The legislation enshrines many of Cuomo’s targets into law, ensuring they will outlast the current governor. The new Climate Action Council would be required to issue recommendations on how to install 6 gigawatts of distributed solar by 2025, 9 GW of offshore wind by 2035 and 3 GW of energy storage by 2030.

But the law also represents a power shift of sorts. Environmentalists have long criticized Cuomo for failing to follow through on many of his environmental objectives. His environmental agencies have yet to produce a climate action plan, despite an executive order directing them to do so. And his coal regulation arrived earlier this year, when only two coal plants remained (Climatewire, May 10).

The legislation ensures the governor will follow through, advocates said. It would require an annual greenhouse gas inventory. The Climate Action Council would release a report every four years detailing the state’s progress (or lack thereof) toward its emissions goals.

And by putting the state’s climate commitment in law, it would open the door for citizens to sue if New York does not meet its targets.

“This isn’t just a planning document. It is a policy mandate with teeth that they can’t evade or avoid,” said Eddie Bautista, executive director of the New York City Environmental Justice Alliance.

“By inserting climate justice, it becomes a plan about humanity; it becomes a plan about the dignity and value we place on humanity. There are ways to help all of us to catalyze economic development for all of us,”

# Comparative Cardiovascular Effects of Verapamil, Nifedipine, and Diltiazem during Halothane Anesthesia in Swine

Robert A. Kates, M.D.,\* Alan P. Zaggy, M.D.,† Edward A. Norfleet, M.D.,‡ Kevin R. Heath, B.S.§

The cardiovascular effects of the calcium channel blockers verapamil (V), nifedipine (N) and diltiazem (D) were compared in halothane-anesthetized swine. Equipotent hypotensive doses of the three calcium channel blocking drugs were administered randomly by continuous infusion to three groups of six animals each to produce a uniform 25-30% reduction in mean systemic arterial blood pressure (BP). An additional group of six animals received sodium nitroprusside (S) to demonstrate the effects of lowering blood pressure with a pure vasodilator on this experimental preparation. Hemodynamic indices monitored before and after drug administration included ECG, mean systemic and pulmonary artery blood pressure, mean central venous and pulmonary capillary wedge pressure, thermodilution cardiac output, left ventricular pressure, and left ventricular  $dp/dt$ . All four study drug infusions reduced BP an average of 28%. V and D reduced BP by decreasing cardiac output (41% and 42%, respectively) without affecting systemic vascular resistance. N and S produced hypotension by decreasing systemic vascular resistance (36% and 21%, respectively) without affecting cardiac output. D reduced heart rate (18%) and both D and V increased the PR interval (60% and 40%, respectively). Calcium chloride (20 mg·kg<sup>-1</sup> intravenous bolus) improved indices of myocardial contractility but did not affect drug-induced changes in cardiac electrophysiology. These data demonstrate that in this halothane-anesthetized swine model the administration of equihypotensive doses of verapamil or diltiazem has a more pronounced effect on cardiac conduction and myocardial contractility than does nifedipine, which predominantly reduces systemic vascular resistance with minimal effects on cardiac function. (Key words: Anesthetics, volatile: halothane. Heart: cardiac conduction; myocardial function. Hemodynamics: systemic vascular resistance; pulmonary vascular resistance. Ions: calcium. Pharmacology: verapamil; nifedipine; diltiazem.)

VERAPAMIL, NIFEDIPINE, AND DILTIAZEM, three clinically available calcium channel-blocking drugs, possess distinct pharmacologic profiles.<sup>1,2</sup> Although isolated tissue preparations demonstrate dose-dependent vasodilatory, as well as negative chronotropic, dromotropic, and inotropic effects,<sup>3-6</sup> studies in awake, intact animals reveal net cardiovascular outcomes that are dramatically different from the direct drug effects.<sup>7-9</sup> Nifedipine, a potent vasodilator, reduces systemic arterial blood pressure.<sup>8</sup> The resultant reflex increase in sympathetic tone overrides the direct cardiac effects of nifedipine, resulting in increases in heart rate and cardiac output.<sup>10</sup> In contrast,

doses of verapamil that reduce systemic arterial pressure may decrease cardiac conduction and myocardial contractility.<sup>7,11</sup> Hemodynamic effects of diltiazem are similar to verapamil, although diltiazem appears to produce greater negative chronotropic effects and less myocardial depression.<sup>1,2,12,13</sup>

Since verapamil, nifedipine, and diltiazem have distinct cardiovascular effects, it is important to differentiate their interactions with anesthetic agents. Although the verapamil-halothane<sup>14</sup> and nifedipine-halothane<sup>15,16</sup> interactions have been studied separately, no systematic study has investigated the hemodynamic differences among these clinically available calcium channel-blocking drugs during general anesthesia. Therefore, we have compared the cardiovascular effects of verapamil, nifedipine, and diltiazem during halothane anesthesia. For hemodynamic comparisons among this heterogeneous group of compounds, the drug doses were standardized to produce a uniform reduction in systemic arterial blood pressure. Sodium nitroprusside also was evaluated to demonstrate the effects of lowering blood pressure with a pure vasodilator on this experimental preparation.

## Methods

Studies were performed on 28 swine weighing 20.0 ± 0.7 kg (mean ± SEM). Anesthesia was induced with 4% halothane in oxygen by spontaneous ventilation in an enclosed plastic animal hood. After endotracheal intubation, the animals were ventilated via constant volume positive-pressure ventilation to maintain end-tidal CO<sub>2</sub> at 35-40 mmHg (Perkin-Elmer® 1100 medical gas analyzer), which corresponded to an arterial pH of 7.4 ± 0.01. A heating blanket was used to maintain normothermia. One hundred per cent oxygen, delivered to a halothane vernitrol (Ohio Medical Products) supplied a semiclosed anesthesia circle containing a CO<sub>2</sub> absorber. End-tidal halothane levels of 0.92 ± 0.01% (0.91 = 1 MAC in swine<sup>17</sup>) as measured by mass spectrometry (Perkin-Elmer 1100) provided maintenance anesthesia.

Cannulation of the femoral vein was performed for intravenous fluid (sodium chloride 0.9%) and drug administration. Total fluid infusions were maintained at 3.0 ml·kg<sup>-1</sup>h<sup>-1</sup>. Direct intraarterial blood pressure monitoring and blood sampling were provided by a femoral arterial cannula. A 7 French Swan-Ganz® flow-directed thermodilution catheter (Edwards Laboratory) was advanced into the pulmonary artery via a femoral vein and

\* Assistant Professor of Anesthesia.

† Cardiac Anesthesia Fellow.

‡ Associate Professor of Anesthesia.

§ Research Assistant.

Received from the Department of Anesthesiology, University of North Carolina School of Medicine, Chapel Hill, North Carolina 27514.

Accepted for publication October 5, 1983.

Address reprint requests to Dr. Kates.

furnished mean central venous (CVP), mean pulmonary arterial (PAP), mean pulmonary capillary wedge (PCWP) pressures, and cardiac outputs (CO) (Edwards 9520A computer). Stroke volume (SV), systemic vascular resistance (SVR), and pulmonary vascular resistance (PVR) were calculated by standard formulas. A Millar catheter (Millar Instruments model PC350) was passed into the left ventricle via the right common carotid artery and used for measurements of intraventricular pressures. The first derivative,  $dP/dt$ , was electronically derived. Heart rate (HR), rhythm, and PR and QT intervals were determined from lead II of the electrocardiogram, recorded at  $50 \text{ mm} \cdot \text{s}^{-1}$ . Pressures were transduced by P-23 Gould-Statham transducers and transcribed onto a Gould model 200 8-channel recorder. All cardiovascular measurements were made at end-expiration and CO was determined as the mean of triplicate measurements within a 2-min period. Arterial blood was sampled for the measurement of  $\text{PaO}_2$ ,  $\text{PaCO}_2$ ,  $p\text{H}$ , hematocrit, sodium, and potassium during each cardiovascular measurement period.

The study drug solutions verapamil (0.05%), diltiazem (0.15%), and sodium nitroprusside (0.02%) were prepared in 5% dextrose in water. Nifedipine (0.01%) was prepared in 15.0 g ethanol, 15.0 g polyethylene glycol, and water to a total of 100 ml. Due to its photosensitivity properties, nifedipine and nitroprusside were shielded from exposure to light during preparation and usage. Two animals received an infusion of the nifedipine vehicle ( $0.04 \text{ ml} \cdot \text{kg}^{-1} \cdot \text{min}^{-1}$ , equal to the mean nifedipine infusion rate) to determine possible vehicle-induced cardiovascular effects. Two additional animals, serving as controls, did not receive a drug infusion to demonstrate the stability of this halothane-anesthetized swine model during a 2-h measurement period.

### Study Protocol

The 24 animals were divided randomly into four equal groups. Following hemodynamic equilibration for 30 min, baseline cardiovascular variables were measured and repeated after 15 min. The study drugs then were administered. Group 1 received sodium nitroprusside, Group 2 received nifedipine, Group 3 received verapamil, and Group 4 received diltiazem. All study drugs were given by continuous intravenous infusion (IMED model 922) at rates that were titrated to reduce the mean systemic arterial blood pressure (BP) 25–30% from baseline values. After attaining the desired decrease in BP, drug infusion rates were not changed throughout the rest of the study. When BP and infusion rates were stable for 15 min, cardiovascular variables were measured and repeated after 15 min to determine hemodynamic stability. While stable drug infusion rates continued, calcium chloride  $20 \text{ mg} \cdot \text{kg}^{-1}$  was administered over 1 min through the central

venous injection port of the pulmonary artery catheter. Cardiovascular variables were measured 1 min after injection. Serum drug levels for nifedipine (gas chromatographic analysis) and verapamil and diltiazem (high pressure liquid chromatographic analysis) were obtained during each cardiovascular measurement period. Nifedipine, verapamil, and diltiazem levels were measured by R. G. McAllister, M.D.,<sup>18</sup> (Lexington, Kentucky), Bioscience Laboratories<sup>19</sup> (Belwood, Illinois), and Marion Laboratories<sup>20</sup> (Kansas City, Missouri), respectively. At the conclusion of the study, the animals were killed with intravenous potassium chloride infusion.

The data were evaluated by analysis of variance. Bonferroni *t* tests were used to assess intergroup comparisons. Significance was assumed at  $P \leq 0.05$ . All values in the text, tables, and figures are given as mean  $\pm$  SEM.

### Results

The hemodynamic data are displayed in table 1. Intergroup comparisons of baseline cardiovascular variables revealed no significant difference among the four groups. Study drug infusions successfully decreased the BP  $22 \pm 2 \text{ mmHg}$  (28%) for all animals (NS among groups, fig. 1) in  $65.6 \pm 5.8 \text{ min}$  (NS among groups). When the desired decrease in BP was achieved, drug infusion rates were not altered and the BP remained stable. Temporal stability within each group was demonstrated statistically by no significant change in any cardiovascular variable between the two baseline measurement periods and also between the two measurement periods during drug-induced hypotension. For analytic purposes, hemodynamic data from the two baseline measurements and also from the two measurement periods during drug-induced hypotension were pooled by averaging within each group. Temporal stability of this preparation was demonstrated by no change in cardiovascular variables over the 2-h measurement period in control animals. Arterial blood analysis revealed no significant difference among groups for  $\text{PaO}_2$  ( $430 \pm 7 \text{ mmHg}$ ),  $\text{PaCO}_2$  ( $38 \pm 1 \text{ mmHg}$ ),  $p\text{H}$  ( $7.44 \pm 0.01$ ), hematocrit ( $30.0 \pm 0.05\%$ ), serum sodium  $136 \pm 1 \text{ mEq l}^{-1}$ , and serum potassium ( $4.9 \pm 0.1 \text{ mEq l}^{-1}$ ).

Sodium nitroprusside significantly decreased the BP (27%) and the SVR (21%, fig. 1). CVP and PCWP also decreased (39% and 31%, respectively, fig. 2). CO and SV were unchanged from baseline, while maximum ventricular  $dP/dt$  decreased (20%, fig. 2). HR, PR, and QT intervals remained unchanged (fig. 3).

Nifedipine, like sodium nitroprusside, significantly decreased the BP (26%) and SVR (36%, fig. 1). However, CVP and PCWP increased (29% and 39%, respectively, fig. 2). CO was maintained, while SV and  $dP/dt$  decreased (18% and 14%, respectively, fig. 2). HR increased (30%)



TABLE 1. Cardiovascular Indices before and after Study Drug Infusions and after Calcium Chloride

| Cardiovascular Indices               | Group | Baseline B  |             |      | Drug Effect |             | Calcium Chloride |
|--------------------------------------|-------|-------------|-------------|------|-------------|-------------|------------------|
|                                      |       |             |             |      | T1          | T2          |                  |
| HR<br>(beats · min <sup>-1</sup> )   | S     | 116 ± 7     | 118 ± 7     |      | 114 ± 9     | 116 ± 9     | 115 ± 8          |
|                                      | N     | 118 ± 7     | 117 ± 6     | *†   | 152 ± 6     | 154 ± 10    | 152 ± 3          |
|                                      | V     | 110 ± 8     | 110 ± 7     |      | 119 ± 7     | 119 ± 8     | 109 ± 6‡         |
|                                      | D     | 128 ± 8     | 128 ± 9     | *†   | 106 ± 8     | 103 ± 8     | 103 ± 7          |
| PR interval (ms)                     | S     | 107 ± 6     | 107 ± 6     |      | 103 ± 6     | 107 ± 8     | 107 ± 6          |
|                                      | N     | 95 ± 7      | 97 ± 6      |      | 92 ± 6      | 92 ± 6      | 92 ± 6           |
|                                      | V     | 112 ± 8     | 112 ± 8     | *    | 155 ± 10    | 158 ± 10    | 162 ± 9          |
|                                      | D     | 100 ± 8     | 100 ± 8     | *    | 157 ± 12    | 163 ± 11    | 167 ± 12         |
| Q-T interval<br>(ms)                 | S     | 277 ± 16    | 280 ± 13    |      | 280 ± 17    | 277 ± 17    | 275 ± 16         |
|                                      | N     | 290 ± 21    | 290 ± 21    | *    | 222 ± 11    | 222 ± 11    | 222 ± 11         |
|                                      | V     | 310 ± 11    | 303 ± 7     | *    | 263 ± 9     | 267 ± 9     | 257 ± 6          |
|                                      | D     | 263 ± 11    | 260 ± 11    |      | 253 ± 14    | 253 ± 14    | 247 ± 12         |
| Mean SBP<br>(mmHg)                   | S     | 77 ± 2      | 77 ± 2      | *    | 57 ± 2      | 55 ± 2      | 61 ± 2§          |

Bautista said. “That is why so many people are excited about this plan and hope it replicates.”

Unlike many of its peers, the Empire State is casting its gaze beyond power plants, the traditional realm of state climate policy. Transportation accounts for roughly a third of the state’s emissions, followed by residential heating and cooling (16%) and electricity generation (13%). The bill would direct the Climate Action Council to recommend emissions performance standards for the transportation, building and industrial sectors.

At the same time, the legislation leaves considerable questions regarding how New York intends to slash emissions. Much would depend on the Climate Action Council and the governor, who will ultimately be charged with implementing the legislation.

New York has considerable ground to make up. The state cut emissions only 8% between 1990 and 2015, according to the most recent New York greenhouse gas inventory.

Greens acknowledged the amount of work ahead but said they are optimistic.

“Now, for the first time, we actually have our commitment on climate enshrined into law,” said Conor Bambrick, who leads the air and energy program at Environmental Advocates of New York. “That is going to allow for real long-term planning and action so New York can get serious about tackling this problem, serious about getting innovative about ways to tackle this problem and doing it equitably.”

My Comment:

Sorry New York, you are not leading the way. Germany and South Australia have already gone down this rabbit hole, and you can only surpass them by an even greater destruction to your economy and society.